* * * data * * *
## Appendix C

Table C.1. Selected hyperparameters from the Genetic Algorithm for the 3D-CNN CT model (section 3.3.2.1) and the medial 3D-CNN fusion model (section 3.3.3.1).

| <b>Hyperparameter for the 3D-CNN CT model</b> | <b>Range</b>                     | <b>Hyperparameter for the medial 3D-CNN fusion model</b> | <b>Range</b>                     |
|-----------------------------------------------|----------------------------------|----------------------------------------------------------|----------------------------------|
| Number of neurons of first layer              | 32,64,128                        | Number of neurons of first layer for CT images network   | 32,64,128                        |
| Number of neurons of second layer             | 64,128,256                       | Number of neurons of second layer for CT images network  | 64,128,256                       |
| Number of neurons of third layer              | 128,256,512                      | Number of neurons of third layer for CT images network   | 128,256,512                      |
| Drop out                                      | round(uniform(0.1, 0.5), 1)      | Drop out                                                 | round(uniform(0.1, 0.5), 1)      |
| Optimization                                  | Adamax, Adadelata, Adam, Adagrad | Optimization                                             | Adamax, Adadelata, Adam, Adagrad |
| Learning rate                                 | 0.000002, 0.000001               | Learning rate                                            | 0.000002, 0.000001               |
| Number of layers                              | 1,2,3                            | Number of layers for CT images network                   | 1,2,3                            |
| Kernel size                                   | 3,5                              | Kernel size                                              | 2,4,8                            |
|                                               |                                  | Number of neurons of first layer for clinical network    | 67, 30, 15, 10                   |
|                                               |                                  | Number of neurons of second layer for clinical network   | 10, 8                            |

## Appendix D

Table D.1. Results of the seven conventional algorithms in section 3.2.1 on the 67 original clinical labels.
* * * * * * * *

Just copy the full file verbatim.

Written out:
## Appendix C

Table C.1. Selected hyperparameters from the Genetic Algorithm for the 3D-CNN CT model (section 3.3.2.1) and the medial 3D-CNN fusion model (section 3.3.3.1).

| <b>Hyperparameter for the 3D-CNN CT model</b> | <b>Range</b>                     | <b>Hyperparameter for the medial 3D-CNN fusion model</b> | <b>Range</b>                     |
|-----------------------------------------------|----------------------------------|----------------------------------------------------------|----------------------------------|
| Number of neurons of first layer              | 32,64,128                        | Number of neurons of first layer for CT images network   | 32,64,128                        |
| Number of neurons of second layer             | 64,128,256                       | Number of neurons of second layer for CT images network  | 64,128,256                       |
| Number of neurons of third layer              | 128,256,512                      | Number of neurons of third layer for CT images network   | 128,256,512                      |
| Drop out                                      | round(uniform(0.1, 0.5), 1)      | Drop out                                                 | round(uniform(0.1, 0.5), 1)      |
| Optimization                                  | Adamax, Adadelata, Adam, Adagrad | Optimization                                             | Adamax, Adadelata, Adam, Adagrad |
| Learning rate                                 | 0.000002, 0.000001               | Learning rate                                            | 0.000002, 0.000001               |
| Number of layers                              | 1,2,3                            | Number of layers for CT images network                   | 1,2,3                            |
| Kernel size                                   | 3,5                              | Kernel size                                              | 2,4,8                            |
|                                               |                                  | Number of neurons of first layer for clinical network    | 67, 30, 15, 10                   |
|                                               |                                  | Number of neurons of second layer for clinical network   | 10, 8                            |

## Appendix D

Table D.1. Results of the seven conventional algorithms in section 3.2.1 on the 67 original clinical labels.